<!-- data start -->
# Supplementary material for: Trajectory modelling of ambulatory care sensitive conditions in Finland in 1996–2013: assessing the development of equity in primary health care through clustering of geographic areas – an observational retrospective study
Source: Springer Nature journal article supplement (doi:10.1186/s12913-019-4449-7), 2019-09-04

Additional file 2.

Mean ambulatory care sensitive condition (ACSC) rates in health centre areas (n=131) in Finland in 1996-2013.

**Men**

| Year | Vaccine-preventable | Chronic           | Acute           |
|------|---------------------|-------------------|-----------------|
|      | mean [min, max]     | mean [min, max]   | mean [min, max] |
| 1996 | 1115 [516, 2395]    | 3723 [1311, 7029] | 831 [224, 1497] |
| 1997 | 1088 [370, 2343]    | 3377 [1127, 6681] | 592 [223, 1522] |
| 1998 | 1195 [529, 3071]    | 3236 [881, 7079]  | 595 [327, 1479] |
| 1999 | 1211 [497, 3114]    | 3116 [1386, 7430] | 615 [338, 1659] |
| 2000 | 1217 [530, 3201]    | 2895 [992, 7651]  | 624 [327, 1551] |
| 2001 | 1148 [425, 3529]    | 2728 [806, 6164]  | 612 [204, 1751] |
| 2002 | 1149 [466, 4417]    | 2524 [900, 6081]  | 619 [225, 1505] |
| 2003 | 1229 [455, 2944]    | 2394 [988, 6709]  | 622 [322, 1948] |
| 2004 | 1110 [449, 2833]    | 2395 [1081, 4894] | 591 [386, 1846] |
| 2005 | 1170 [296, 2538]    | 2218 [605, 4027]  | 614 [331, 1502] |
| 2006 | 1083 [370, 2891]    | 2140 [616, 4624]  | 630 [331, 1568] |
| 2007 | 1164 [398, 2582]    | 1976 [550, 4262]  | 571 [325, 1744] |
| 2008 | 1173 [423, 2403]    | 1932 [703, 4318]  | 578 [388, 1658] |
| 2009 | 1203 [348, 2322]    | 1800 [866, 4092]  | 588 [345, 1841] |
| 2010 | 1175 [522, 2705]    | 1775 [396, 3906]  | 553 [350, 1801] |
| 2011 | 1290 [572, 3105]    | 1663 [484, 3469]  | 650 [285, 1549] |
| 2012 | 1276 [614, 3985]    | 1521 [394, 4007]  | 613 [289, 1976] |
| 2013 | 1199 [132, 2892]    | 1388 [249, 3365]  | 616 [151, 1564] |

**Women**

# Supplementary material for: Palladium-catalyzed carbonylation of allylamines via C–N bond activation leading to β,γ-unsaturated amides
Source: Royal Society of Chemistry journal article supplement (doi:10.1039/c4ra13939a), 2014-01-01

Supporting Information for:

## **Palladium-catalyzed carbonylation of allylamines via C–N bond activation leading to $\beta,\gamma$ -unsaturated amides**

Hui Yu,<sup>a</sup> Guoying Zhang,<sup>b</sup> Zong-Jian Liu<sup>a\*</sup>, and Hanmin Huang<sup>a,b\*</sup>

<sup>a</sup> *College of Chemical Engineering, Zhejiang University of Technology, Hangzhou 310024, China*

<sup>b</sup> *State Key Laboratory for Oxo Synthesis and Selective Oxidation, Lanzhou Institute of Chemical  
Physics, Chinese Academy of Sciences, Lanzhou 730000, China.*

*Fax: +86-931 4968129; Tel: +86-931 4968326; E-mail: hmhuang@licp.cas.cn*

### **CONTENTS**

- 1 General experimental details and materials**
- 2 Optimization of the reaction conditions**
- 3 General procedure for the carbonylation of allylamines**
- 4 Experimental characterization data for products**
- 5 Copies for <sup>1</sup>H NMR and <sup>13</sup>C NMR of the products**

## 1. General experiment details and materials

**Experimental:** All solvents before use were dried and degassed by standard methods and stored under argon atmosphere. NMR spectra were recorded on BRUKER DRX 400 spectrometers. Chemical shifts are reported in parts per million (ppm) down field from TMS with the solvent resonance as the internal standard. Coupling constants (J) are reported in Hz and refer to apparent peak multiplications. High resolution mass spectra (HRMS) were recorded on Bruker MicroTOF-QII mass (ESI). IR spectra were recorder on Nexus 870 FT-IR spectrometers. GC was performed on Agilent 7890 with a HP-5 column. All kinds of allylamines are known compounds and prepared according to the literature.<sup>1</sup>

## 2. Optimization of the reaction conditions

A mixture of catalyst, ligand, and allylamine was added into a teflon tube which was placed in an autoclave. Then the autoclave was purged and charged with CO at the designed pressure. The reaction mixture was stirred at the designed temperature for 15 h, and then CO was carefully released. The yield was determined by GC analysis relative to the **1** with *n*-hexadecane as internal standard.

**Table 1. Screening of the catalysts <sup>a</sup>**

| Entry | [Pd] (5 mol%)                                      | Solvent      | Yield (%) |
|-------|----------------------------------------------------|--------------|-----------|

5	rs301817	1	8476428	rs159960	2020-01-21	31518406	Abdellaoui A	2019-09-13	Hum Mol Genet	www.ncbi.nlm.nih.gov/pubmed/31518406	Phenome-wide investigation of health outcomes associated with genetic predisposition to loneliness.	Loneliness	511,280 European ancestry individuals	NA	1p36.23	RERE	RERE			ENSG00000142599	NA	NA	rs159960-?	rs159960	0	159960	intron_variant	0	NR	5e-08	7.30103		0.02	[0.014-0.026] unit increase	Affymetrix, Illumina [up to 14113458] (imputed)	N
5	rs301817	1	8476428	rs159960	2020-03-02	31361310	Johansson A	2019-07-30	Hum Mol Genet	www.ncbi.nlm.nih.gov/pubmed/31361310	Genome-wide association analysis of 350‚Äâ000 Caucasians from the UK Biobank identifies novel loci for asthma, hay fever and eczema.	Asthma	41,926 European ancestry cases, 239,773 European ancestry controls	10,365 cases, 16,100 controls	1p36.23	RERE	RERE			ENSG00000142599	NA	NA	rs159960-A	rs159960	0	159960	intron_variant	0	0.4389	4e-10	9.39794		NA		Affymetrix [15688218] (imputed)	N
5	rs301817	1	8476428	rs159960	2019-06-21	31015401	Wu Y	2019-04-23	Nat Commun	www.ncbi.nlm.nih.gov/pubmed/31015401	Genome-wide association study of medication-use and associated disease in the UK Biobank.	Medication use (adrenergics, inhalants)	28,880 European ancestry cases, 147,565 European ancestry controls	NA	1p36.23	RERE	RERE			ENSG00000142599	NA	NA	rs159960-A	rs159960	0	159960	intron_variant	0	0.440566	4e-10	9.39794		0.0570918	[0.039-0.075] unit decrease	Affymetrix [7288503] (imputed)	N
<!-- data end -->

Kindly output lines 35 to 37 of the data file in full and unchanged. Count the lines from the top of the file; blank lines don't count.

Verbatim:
Physics, Chinese Academy of Sciences, Lanzhou 730000, China.*

*Fax: +86-931 4968129; Tel: +86-931 4968326; E-mail: hmhuang@licp.cas.cn*

### **CONTENTS**